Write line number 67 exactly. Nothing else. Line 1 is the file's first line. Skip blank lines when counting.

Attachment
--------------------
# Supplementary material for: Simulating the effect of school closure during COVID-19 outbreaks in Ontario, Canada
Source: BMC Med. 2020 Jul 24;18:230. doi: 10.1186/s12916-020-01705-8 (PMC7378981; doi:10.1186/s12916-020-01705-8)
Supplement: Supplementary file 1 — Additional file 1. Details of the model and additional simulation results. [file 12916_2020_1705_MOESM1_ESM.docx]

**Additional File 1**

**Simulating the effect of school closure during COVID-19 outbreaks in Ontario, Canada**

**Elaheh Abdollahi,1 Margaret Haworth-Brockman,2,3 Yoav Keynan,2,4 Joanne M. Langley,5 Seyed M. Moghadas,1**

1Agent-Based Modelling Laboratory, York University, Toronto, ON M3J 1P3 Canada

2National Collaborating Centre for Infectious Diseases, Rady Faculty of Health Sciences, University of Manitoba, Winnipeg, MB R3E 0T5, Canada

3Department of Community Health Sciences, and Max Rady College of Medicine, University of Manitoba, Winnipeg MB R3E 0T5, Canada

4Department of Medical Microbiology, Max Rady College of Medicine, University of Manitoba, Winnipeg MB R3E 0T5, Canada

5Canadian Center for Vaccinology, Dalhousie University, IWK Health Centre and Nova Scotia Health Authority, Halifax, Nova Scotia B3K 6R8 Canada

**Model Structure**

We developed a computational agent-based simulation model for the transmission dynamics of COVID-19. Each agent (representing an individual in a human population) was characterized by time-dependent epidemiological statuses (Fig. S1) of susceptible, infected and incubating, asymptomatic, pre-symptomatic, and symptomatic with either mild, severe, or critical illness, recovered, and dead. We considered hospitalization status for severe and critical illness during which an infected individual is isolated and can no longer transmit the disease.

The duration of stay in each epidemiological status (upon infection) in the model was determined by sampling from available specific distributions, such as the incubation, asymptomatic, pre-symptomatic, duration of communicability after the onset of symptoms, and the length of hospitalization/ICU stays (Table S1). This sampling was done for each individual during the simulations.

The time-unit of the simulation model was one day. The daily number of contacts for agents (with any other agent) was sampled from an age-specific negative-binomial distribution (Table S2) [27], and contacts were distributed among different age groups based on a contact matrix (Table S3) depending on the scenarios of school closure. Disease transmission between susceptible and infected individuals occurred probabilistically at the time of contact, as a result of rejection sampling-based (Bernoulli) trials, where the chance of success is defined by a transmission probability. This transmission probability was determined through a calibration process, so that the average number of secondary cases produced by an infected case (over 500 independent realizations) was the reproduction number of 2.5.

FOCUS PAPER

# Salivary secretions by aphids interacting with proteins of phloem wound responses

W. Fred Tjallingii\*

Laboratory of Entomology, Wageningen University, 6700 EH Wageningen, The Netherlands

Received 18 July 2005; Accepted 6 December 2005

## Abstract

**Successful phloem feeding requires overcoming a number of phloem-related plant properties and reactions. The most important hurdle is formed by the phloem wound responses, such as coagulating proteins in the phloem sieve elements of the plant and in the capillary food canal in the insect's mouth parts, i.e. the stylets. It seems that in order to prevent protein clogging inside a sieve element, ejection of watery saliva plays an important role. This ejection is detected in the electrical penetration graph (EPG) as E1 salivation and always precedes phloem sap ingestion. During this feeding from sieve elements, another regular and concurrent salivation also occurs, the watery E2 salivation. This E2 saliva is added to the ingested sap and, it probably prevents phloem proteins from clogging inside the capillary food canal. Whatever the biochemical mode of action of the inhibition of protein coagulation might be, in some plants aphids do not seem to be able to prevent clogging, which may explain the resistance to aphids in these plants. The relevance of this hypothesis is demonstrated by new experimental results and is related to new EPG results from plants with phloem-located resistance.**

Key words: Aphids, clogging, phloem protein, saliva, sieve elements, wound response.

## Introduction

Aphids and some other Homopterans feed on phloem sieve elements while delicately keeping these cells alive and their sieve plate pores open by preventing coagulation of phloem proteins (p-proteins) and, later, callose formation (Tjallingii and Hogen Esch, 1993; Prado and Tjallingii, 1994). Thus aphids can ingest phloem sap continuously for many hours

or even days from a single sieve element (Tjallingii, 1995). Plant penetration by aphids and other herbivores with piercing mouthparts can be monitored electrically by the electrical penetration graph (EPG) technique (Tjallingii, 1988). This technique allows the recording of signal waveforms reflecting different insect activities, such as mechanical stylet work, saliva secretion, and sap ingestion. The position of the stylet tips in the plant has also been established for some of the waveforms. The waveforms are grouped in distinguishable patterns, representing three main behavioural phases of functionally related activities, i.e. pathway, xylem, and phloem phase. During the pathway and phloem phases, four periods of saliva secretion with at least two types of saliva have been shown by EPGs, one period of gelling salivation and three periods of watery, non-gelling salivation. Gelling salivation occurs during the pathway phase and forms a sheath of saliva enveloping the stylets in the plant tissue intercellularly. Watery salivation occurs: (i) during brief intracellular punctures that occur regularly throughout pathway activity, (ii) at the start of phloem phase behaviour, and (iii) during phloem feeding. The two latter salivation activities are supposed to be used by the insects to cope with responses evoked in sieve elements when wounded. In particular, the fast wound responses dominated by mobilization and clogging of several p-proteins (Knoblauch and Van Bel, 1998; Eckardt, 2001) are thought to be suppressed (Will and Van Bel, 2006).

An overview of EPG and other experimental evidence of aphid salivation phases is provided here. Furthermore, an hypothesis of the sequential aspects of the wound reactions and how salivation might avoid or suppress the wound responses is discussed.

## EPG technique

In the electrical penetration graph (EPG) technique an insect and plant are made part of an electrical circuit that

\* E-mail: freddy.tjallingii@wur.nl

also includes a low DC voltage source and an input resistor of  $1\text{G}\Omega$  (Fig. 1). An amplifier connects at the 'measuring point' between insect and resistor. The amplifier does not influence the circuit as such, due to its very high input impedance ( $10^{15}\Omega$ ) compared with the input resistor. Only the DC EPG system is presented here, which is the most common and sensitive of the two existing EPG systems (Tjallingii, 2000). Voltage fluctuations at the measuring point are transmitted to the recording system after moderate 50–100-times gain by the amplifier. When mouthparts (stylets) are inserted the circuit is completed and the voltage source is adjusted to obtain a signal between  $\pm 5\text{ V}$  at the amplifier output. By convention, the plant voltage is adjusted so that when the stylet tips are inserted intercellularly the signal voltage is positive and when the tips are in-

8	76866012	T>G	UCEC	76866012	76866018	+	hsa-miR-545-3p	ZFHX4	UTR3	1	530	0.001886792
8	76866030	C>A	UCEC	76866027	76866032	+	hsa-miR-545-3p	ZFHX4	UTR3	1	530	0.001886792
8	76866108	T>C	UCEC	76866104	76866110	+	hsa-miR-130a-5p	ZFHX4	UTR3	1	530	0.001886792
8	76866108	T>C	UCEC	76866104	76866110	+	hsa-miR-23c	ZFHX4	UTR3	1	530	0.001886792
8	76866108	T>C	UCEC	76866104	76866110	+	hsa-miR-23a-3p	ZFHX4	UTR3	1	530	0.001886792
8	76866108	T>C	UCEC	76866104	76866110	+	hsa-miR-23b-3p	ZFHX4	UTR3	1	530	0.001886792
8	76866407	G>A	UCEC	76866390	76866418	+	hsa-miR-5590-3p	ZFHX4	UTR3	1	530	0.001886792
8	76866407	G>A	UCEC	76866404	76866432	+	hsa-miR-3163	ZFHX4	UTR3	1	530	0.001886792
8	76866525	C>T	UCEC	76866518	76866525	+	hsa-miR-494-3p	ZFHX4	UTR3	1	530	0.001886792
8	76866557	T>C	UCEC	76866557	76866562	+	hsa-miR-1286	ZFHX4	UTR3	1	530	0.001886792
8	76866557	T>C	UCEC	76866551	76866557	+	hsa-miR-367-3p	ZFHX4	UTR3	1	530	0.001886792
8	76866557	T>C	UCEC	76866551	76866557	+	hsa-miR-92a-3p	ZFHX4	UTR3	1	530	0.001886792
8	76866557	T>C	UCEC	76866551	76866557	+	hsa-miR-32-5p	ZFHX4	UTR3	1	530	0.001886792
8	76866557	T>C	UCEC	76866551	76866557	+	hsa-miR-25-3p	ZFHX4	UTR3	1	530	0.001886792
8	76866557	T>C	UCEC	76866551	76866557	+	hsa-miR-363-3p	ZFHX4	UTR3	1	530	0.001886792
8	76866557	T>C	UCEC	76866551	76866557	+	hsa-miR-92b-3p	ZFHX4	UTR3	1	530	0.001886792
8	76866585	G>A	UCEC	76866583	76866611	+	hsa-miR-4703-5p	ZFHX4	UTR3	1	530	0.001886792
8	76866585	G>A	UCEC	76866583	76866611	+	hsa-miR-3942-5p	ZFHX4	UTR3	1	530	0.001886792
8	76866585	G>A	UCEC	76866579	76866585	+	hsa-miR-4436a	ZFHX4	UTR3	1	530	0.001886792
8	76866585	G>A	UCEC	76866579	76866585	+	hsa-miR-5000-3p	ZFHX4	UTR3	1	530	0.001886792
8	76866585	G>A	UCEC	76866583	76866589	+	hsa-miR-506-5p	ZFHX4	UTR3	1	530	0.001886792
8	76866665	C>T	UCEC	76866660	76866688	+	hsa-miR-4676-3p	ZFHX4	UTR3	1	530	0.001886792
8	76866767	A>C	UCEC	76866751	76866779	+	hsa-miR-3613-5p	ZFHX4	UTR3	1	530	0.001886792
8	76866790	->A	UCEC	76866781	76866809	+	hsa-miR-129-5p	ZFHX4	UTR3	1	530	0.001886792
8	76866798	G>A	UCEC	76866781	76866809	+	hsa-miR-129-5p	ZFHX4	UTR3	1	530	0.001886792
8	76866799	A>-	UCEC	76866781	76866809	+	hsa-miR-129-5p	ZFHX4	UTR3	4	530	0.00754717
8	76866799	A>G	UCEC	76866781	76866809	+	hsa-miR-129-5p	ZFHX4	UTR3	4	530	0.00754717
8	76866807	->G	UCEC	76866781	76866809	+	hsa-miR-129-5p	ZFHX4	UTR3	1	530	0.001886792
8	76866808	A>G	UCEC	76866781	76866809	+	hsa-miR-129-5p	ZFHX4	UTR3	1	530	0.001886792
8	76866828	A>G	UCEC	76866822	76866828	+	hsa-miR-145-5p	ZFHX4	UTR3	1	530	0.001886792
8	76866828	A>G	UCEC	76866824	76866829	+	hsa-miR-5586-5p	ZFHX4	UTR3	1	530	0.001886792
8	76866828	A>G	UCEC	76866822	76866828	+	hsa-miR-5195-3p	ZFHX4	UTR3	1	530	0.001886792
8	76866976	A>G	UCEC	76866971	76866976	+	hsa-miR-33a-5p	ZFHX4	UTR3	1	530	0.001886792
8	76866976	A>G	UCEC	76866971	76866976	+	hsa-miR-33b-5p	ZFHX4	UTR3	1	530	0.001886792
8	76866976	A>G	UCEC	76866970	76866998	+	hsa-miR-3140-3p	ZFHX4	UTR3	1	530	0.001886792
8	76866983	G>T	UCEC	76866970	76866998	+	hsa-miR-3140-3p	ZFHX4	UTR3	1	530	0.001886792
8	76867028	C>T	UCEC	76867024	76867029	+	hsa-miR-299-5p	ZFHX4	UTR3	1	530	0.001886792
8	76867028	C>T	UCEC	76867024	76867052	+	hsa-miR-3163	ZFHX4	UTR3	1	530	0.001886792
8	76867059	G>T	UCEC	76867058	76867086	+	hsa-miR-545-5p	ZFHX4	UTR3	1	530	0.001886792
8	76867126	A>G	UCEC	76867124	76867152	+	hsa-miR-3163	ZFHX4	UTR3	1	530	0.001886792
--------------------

8	76866983	G>T	UCEC	76866970	76866998	+	hsa-miR-3140-3p	ZFHX4	UTR3	1	530	0.001886792